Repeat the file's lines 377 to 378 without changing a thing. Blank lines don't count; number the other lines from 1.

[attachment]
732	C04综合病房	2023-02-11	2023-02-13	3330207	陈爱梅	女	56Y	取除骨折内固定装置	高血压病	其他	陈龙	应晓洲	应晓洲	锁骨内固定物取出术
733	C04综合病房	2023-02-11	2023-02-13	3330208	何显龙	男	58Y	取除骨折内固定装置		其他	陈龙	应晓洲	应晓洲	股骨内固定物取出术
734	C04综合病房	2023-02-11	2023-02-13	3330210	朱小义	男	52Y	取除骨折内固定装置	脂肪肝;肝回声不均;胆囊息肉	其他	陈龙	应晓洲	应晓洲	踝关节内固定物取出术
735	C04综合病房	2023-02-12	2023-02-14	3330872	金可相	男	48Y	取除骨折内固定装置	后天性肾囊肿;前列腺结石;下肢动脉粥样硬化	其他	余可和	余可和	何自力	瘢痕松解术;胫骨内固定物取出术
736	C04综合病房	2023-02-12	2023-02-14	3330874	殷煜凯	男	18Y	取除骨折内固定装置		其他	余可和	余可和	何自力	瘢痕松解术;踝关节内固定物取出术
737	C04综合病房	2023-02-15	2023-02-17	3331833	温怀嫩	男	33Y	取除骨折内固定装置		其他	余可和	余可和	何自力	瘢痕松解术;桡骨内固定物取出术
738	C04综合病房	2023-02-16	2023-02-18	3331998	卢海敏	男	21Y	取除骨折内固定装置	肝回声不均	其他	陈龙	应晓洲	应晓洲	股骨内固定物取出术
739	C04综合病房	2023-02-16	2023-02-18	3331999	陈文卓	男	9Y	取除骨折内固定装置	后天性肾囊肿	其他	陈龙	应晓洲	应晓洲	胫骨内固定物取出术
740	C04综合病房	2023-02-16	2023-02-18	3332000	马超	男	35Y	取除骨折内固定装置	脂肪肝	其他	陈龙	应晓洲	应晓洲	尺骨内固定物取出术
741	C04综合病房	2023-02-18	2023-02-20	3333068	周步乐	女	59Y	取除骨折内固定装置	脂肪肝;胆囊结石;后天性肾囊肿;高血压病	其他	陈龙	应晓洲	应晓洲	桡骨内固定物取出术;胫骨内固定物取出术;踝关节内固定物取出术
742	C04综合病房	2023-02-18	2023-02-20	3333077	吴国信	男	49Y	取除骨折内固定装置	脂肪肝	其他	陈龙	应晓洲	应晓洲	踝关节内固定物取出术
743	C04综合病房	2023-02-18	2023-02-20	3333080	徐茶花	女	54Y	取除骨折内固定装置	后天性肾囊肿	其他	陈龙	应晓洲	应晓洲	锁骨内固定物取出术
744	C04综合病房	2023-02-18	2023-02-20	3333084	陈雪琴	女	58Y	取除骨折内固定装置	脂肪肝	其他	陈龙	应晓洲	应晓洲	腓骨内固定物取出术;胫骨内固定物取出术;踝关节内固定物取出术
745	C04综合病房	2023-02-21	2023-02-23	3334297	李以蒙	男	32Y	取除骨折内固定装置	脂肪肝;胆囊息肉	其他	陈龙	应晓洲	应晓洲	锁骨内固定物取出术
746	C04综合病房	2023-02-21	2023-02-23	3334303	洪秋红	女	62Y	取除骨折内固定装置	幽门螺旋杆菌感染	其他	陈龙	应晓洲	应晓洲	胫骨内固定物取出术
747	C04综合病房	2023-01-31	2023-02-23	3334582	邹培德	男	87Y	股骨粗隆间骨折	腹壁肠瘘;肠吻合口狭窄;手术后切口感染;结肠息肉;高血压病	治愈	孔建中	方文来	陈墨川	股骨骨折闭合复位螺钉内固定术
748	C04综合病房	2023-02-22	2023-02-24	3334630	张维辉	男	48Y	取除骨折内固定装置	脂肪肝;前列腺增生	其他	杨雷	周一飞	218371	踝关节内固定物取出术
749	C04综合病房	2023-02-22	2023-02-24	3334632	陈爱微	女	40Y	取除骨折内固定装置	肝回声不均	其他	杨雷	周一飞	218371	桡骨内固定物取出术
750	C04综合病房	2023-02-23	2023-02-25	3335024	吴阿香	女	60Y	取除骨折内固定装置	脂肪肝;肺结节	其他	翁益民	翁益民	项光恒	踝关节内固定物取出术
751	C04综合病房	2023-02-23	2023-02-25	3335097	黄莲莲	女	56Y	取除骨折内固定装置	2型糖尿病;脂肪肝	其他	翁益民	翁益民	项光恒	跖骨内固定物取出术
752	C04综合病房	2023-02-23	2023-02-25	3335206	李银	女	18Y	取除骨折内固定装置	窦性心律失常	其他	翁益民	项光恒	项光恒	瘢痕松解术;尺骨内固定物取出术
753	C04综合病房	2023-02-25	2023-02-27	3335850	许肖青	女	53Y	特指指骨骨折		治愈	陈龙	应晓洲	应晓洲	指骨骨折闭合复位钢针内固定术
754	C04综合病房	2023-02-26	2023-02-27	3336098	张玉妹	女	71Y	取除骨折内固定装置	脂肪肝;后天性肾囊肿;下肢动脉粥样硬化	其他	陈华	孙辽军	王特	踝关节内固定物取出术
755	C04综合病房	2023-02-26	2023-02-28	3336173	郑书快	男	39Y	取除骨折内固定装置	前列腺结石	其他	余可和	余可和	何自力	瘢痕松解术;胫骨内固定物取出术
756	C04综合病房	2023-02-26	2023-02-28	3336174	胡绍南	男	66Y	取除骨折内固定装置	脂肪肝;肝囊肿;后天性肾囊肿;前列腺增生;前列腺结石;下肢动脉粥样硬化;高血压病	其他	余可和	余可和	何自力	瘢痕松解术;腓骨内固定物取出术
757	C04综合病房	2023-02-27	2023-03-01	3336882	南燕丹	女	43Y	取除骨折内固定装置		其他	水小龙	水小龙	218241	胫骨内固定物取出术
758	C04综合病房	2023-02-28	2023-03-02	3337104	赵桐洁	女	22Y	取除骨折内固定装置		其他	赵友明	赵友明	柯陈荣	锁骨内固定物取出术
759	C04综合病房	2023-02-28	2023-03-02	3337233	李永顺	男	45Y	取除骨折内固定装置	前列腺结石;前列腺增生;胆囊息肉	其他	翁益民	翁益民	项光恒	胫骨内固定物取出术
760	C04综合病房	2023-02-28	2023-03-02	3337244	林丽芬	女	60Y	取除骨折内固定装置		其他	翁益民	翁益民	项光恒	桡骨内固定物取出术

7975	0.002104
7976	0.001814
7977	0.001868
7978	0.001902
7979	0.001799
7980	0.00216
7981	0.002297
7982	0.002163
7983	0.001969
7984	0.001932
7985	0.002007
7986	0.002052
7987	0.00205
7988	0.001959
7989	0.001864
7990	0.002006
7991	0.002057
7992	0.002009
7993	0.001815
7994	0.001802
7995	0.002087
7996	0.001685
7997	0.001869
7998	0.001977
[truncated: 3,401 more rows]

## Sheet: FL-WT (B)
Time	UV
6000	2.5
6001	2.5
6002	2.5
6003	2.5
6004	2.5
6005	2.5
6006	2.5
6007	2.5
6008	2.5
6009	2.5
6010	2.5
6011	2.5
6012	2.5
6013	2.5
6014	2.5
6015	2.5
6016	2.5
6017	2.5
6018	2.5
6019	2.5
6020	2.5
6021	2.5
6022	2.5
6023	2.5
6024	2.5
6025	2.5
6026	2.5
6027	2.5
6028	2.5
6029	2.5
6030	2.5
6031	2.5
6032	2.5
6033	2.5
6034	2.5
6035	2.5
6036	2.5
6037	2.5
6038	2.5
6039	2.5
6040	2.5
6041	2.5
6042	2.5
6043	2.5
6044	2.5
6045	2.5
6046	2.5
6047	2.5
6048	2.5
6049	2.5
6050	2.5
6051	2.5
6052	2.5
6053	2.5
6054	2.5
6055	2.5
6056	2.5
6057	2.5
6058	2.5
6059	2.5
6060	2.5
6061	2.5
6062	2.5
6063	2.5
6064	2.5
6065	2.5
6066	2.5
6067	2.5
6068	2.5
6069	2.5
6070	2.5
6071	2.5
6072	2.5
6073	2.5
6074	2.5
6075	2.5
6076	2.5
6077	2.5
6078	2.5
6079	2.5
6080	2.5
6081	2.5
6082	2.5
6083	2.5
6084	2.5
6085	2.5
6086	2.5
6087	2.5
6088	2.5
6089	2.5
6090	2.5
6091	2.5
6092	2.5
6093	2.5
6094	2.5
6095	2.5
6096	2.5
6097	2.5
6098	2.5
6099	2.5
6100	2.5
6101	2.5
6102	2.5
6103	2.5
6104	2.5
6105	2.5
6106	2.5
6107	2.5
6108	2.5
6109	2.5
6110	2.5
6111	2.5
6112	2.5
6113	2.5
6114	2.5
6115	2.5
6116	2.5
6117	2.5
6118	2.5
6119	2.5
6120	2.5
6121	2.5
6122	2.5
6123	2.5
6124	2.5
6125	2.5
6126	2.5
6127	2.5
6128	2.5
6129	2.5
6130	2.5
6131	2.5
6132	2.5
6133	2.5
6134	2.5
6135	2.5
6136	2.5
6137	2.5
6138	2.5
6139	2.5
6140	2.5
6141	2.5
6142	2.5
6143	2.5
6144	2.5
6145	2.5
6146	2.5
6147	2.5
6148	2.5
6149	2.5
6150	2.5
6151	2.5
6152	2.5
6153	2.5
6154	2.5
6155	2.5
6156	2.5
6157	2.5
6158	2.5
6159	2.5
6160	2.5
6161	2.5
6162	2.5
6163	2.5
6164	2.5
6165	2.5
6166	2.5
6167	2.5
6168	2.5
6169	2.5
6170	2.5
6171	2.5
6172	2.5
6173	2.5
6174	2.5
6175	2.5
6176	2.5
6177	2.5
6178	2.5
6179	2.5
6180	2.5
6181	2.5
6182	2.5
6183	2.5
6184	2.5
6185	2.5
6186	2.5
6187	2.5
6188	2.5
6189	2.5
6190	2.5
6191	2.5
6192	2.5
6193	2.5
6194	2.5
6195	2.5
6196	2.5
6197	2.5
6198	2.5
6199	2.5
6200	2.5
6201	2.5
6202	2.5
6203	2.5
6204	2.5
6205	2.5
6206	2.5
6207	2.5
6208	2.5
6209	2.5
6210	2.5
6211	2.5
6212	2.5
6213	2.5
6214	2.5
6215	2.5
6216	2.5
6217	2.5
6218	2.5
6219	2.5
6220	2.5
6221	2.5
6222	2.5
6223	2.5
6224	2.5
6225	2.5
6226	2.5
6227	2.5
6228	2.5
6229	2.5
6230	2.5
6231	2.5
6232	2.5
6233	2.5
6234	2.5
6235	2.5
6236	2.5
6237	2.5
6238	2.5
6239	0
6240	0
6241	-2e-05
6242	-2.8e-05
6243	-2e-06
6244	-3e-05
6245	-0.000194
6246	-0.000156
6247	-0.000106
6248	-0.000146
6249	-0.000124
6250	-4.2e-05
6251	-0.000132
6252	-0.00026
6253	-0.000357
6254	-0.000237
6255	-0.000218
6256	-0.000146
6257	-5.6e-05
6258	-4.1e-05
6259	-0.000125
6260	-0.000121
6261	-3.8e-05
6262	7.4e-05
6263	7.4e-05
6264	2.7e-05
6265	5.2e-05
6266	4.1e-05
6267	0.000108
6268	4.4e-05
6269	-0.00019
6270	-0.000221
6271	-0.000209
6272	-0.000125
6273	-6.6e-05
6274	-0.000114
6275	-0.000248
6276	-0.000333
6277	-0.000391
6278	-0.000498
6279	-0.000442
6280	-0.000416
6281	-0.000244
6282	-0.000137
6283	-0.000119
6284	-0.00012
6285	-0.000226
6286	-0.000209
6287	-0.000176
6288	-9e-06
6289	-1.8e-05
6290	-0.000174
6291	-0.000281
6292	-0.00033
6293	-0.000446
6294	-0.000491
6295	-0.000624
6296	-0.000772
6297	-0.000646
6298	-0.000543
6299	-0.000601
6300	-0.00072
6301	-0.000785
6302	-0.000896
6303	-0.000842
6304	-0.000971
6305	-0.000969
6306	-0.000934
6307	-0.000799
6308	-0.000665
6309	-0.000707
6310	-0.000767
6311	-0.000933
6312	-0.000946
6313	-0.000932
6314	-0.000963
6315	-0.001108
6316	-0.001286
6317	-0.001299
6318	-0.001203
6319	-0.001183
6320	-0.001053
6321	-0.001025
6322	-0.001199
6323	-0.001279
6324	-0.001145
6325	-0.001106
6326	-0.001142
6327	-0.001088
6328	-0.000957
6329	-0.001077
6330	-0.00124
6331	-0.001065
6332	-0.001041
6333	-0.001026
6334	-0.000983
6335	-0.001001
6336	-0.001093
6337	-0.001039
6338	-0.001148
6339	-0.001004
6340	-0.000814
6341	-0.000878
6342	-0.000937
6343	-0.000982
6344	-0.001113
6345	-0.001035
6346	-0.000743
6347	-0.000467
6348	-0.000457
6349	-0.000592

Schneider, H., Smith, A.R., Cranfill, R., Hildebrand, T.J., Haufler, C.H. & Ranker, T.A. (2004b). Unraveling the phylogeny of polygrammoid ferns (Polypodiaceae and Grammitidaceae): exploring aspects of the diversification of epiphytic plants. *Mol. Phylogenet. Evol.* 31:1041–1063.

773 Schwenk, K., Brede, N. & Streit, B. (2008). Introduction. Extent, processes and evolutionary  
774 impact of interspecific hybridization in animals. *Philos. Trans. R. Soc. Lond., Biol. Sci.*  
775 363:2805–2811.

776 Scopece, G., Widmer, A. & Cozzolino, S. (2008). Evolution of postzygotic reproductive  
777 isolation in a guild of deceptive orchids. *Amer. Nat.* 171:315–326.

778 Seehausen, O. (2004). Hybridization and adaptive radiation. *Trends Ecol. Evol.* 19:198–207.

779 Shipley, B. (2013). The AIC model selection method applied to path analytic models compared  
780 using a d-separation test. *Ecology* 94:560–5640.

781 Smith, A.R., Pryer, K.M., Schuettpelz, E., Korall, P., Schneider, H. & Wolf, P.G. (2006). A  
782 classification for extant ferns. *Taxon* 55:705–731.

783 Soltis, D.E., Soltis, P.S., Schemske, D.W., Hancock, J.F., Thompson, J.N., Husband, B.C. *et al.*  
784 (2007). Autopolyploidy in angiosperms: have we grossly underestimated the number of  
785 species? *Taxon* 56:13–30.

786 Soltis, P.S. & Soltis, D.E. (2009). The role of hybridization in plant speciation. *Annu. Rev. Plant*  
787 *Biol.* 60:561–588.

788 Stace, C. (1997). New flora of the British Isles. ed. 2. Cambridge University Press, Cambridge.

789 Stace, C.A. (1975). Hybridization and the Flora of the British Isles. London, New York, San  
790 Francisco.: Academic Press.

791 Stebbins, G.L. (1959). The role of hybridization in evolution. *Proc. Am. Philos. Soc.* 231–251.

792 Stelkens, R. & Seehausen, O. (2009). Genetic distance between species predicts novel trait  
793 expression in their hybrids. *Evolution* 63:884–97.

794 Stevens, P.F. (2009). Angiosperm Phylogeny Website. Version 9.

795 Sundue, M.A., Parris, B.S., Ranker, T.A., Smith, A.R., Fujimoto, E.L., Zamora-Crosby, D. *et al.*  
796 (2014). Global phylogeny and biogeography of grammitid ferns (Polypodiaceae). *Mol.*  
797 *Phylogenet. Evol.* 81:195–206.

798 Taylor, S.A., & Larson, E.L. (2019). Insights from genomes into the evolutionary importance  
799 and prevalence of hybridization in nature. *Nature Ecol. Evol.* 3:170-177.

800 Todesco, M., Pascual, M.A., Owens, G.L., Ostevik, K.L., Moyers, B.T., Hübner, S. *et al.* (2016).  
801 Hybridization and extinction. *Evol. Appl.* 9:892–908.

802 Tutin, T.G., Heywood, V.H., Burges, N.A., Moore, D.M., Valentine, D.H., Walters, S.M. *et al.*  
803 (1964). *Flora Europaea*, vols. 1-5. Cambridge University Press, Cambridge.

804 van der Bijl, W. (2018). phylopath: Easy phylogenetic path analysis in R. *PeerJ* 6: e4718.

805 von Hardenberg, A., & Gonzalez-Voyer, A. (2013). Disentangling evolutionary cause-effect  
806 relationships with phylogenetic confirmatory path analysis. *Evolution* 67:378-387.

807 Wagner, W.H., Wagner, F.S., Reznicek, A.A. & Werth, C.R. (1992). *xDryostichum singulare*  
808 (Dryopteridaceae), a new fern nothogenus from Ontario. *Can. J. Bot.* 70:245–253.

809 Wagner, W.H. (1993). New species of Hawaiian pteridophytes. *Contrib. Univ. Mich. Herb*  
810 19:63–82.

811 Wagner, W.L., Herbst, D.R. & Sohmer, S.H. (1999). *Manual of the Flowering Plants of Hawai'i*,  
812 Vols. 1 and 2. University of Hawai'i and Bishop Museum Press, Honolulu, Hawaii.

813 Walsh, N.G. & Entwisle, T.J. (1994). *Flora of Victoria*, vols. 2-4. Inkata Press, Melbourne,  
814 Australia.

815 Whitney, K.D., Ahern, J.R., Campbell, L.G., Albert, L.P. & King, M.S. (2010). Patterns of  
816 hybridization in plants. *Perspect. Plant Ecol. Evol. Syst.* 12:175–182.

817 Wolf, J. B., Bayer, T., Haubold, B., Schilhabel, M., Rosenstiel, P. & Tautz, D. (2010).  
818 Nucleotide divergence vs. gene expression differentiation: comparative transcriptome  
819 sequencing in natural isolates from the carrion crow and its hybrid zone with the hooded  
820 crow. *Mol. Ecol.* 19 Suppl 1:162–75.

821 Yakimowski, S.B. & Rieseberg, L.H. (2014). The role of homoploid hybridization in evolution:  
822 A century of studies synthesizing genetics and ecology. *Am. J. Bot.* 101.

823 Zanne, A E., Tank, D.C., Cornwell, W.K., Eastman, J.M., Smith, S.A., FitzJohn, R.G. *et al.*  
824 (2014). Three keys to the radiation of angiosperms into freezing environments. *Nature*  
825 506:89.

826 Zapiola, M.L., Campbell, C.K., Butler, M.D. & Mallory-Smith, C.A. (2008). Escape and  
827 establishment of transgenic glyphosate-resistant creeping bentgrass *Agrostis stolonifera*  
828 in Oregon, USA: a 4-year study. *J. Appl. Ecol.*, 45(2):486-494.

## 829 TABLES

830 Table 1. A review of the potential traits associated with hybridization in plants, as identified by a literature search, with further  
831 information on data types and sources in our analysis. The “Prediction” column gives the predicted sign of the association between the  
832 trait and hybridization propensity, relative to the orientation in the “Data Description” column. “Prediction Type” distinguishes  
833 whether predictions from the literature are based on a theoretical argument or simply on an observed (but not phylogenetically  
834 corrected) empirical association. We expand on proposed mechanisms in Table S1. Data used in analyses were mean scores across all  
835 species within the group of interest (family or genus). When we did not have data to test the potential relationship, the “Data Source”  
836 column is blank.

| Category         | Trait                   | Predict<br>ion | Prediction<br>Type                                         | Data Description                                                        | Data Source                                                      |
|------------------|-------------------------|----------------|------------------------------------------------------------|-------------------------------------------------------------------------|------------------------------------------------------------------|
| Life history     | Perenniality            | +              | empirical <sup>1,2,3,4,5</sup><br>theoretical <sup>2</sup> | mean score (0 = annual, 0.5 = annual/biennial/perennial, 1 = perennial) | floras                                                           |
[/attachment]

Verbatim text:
6320	-0.001053
6321	-0.001025